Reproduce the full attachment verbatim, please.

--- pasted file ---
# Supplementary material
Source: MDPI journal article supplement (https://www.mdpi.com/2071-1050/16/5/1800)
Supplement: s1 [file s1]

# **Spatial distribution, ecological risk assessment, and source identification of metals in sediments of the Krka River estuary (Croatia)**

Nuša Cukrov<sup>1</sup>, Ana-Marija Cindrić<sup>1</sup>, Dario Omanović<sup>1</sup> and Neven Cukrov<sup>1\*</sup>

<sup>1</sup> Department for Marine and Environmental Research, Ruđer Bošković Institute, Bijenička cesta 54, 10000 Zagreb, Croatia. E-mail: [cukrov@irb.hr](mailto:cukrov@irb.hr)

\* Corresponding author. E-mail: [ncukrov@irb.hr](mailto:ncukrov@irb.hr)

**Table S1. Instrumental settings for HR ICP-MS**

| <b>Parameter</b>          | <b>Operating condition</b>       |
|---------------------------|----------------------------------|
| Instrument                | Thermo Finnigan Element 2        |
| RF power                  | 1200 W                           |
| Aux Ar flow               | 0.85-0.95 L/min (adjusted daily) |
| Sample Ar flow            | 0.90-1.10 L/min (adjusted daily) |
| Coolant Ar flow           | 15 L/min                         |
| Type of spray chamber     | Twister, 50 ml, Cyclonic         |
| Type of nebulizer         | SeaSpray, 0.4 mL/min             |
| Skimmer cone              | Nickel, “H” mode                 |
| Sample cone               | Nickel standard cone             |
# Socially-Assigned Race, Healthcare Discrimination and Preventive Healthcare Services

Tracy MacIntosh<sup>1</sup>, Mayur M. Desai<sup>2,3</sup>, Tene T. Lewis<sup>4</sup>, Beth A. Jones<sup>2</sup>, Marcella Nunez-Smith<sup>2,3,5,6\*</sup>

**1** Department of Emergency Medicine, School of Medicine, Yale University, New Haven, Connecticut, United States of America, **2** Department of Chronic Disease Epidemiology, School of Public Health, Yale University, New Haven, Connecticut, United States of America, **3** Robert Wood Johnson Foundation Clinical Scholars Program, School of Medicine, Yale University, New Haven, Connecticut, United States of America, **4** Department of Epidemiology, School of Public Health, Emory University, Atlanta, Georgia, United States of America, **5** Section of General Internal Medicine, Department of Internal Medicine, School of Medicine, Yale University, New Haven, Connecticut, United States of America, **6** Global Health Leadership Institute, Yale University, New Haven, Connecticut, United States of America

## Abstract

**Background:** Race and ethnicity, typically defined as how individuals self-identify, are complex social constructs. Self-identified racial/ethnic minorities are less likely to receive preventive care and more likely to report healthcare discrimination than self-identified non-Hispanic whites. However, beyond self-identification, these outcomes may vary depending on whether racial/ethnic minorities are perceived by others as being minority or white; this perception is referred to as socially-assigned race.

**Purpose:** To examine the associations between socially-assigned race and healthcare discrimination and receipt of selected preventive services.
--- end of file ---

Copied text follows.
# Supplementary material
Source: MDPI journal article supplement (https://www.mdpi.com/2071-1050/16/5/1800)
Supplement: s1 [file s1]

# **Spatial distribution, ecological risk assessment, and source identification of metals in sediments of the Krka River estuary (Croatia)**

Nuša Cukrov<sup>1</sup>, Ana-Marija Cindrić<sup>1</sup>, Dario Omanović<sup>1</sup> and Neven Cukrov<sup>1\*</sup>

<sup>1</sup> Department for Marine and Environmental Research, Ruđer Bošković Institute, Bijenička cesta 54, 10000 Zagreb, Croatia. E-mail: [cukrov@irb.hr](mailto:cukrov@irb.hr)

\* Corresponding author. E-mail: [ncukrov@irb.hr](mailto:ncukrov@irb.hr)

**Table S1. Instrumental settings for HR ICP-MS**

| <b>Parameter</b>          | <b>Operating condition</b>       |
|---------------------------|----------------------------------|
| Instrument                | Thermo Finnigan Element 2        |
| RF power                  | 1200 W                           |
| Aux Ar flow               | 0.85-0.95 L/min (adjusted daily) |
| Sample Ar flow            | 0.90-1.10 L/min (adjusted daily) |
| Coolant Ar flow           | 15 L/min                         |
| Type of spray chamber     | Twister, 50 ml, Cyclonic         |
| Type of nebulizer         | SeaSpray, 0.4 mL/min             |
| Skimmer cone              | Nickel, “H” mode                 |
| Sample cone               | Nickel standard cone             |
# Socially-Assigned Race, Healthcare Discrimination and Preventive Healthcare Services

Tracy MacIntosh<sup>1</sup>, Mayur M. Desai<sup>2,3</sup>, Tene T. Lewis<sup>4</sup>, Beth A. Jones<sup>2</sup>, Marcella Nunez-Smith<sup>2,3,5,6\*</sup>

**1** Department of Emergency Medicine, School of Medicine, Yale University, New Haven, Connecticut, United States of America, **2** Department of Chronic Disease Epidemiology, School of Public Health, Yale University, New Haven, Connecticut, United States of America, **3** Robert Wood Johnson Foundation Clinical Scholars Program, School of Medicine, Yale University, New Haven, Connecticut, United States of America, **4** Department of Epidemiology, School of Public Health, Emory University, Atlanta, Georgia, United States of America, **5** Section of General Internal Medicine, Department of Internal Medicine, School of Medicine, Yale University, New Haven, Connecticut, United States of America, **6** Global Health Leadership Institute, Yale University, New Haven, Connecticut, United States of America

## Abstract

**Background:** Race and ethnicity, typically defined as how individuals self-identify, are complex social constructs. Self-identified racial/ethnic minorities are less likely to receive preventive care and more likely to report healthcare discrimination than self-identified non-Hispanic whites. However, beyond self-identification, these outcomes may vary depending on whether racial/ethnic minorities are perceived by others as being minority or white; this perception is referred to as socially-assigned race.

**Purpose:** To examine the associations between socially-assigned race and healthcare discrimination and receipt of selected preventive services.